Under Siege (1992)
Release Date: October 9th, 1992 MPAA Rating: R
Director: Andrew Davis Actors: Steven Seagal, Tommy Lee Jones, Gary Busey, Erika Eleniak, Colm Meaney, Nick Mancuso, Damian Chapa, Troy Evans, Patrick O’Neal
Steven Seagal movie in the ‘90s marked a time when actioners could be incredibly mindless yet still altogether entertaining. Foreshadowing, character development, and plots are established while the opening credits roll – and then elaborate setups follow, showcasing shoot-‘em-up nonsense instead of careful acts of espionage. It was also a time when villains were more psychotic, idiosyncratic, over-exaggerated, and unique than the heroes that fought them.
Gary Busey is as demented as ever, intent on demonstrating physical and verbal insanity to outdo his turns in “Lethal Weapon” and “Predator 2.” Tommy Lee Jones is spot on as an evil mastermind, while even Colm Meaney is notable as a henchman. The ‘90s also denoted a time when the hero could speak bluntly and sarcastically to the love interest (here, an airheaded, chesty blonde Playmate, who gratuitously shows off her goods) as she cries over her helpless situation. Seagal appears genuinely irritated that he has to babysit a gorgeous broad while planning the impossible one-man re-seizure of his ship.
Casey Ryback (Steven Seagal), a highly decorated SEAL, now works as a laid-back cook on the U.S. battleship Missouri, cruising through the Pacific. Captain Adams (Patrick O’Neal) keeps Ryback around for his culinary skills, as well as to honor the Navy man’s longtime service. After a successful ceremonial decommissioning and disarming of the WWII vessel, attended by President Bush, an Admiral decides to throw a surprise party for the captain, which turns out to be an elaborate plot to overthrow the warship for the nuclear weaponry still aboard.
Commander Krill (Gary Busey) is the inside man who orchestrates the landing of a helicopter containing Jordan “Miss July” Tate (Erika Eleniak), along with a special team of gun-toting cooks, caterers, and musicians. Aside from the Playboy Bunny, the entire group is in on the plot to conquer the ship. During the party, Jordan is drugged and Ryback is stashed in a meat locker to ensure a smooth usurpation, wherein rogue Special Forces soldier William Stranix (Tommy Lee Jones) reveals himself to be the leader of the takeover – instead of a mere guitarist.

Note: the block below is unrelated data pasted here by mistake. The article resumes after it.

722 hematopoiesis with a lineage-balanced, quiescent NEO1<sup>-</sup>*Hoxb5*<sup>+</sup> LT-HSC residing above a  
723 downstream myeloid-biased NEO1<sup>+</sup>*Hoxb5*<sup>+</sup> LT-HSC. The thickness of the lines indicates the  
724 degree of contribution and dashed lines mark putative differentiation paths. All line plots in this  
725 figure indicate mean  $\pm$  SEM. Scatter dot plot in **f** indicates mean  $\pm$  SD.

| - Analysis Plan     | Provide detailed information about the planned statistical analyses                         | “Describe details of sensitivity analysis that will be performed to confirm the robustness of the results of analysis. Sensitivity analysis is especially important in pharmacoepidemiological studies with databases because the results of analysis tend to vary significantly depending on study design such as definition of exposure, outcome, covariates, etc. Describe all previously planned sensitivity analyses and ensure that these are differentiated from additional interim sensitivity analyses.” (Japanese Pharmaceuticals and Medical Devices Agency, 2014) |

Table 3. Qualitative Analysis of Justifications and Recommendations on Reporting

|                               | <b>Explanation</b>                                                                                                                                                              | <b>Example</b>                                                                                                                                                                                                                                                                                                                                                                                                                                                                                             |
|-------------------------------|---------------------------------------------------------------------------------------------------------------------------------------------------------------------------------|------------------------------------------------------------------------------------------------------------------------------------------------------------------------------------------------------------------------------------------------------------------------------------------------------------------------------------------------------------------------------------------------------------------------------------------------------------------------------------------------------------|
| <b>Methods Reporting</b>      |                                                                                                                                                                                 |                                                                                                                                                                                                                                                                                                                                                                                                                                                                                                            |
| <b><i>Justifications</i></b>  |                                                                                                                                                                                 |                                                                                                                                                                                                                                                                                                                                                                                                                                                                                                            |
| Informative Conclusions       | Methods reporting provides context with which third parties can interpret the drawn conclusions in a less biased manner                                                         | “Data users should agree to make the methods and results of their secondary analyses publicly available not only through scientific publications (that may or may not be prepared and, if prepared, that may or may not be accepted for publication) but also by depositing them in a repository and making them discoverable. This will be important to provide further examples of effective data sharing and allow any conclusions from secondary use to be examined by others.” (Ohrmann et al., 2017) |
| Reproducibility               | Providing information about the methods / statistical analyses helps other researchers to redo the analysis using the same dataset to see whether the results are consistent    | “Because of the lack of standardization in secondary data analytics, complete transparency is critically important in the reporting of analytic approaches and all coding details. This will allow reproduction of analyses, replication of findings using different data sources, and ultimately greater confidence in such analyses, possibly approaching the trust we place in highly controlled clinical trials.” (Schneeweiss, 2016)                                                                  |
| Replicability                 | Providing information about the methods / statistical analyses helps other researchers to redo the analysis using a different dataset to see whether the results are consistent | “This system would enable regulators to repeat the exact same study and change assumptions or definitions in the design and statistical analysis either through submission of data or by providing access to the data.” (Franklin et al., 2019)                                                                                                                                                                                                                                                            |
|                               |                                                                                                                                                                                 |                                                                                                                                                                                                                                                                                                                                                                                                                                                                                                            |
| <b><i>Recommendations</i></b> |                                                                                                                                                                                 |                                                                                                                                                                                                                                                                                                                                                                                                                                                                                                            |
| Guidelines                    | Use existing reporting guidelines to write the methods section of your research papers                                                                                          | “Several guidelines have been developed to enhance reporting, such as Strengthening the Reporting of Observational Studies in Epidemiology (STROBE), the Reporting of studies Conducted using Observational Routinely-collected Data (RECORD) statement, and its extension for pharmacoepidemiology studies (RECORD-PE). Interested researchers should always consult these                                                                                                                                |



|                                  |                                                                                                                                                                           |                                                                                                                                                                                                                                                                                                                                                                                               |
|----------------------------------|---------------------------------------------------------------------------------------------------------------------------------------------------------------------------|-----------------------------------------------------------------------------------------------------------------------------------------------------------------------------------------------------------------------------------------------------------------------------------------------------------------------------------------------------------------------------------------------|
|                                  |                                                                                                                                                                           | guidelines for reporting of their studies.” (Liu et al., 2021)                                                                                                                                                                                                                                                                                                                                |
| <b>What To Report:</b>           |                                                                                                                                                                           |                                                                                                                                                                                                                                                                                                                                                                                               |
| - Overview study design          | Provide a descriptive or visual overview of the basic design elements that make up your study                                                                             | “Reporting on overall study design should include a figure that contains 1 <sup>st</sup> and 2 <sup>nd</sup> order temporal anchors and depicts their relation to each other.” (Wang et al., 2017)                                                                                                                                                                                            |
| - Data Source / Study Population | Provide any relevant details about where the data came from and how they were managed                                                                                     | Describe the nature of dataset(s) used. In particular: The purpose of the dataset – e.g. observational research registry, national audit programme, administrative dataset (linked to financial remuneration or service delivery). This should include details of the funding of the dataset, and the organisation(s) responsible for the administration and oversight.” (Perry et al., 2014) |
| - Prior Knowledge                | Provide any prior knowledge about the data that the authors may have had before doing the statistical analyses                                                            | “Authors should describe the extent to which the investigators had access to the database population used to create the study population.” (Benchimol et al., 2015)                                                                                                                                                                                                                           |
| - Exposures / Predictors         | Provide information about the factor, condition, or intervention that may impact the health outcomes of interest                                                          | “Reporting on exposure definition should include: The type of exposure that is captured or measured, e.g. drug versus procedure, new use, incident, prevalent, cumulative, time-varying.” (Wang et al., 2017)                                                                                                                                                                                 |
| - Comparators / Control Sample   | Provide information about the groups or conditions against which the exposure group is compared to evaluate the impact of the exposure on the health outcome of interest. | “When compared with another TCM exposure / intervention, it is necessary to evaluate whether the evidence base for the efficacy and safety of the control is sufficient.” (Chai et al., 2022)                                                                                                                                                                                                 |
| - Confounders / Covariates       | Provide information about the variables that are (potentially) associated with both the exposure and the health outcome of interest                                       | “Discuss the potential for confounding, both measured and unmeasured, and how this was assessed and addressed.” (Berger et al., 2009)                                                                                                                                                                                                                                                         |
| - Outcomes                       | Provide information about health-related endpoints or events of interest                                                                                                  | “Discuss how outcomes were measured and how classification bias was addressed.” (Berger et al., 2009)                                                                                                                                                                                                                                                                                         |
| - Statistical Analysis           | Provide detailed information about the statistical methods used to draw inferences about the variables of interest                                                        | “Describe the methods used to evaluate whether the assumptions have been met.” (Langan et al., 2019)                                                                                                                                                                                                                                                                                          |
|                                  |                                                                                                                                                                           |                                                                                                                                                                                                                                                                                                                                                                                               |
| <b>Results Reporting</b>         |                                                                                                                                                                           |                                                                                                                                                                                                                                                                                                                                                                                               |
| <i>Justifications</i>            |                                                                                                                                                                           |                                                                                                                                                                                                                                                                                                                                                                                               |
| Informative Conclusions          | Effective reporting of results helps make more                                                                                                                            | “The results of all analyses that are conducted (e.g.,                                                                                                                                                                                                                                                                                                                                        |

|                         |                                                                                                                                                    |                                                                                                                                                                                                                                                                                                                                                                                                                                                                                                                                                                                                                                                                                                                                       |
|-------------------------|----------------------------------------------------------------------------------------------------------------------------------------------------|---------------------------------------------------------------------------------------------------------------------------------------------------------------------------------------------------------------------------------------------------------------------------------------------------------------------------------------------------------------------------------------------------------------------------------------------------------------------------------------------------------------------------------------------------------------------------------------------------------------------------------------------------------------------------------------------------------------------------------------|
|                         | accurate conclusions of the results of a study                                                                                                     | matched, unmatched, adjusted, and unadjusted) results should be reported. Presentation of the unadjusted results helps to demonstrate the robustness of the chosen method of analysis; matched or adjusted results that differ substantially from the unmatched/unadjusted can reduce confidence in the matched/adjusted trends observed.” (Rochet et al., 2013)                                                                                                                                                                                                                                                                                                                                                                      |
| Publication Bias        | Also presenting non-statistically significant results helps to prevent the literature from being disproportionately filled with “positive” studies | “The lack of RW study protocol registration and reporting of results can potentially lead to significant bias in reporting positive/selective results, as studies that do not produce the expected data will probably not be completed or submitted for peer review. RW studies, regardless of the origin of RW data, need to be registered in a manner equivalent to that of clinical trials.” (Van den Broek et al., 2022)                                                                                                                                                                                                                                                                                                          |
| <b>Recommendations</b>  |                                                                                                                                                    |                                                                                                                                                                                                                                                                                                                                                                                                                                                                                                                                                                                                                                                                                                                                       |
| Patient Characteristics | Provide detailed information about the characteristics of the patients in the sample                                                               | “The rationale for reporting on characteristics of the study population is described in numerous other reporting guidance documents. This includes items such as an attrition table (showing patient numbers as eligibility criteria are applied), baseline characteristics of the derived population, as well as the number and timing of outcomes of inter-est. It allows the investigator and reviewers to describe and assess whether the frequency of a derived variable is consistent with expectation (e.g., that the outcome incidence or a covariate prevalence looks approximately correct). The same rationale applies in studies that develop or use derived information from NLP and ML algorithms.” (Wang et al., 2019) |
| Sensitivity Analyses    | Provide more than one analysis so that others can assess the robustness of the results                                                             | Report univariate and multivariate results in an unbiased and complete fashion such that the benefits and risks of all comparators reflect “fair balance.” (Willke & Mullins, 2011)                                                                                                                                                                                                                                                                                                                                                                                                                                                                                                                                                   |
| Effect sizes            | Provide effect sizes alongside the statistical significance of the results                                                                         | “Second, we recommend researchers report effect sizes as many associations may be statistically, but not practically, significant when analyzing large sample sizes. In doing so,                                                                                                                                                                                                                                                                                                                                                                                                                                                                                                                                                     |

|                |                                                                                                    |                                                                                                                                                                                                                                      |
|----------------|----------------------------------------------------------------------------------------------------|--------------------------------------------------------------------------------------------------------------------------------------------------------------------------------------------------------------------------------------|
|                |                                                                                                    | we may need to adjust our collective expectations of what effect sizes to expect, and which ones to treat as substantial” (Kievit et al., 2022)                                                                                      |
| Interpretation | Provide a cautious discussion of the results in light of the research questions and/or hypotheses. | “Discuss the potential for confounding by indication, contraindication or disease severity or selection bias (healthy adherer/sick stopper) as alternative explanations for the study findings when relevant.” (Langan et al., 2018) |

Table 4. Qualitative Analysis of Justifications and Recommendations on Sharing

The standard, generic, misinformed government officials in charge of quelling the Missouri siege realize that Stranix’ plan is to use a crude railing system to unload the battlewagon’s warheads onto a submarine before selling to the highest bidder. They also become aware that Ryback is the only hope for recovering the craft – and perhaps a few survivors. The alternative is to use an airstrike to annihilate the entire boat. “Don’t worry about it. These guys are professionals. They can handle 20 marines and 100 cooks,” states Stranix, quite mistakenly, as he’s informed of Ryback’s escape and his martial arts specialties – which the unassuming chef proceeds to utilize against the unsuspecting hijackers.
Although the dated rock ‘n’ roll music chimes in at all the wrong times to disrupt the tone, the level of action and adventure is amusingly consistent. Seagal’s combat style (aikido) isn’t particularly flashy, instead attempting to be realistic with holds and chokes, which equates to short-lived knife fights and brief hand-to-hand skirmishes. It’s the exact opposite of the lengthy, theatric fistfights of Schwarzenegger or Stallone, or the complex, rapid maneuvers of Jackie Chan or Bruce Lee.
Humorously, Seagal’s projects tend not to focus on a romance (“Under Siege” features but a single kiss with Eleniak), while the juggernaut hero rarely takes a punch from the enemies, as if Seagal would be personally embarrassed to take a beating on film. He also stifles a full array of emotions and has almost no inflections in his dialogue delivery. Though many of his movies are ultimately indistinguishable, “Under Siege” is by far his best (likely, in part, due to director Andrew Davis’ experience with action projects); if you only see one Steven Seagal movie (and you really don’t even need to see one), be sure it’s this one.
– Mike Massie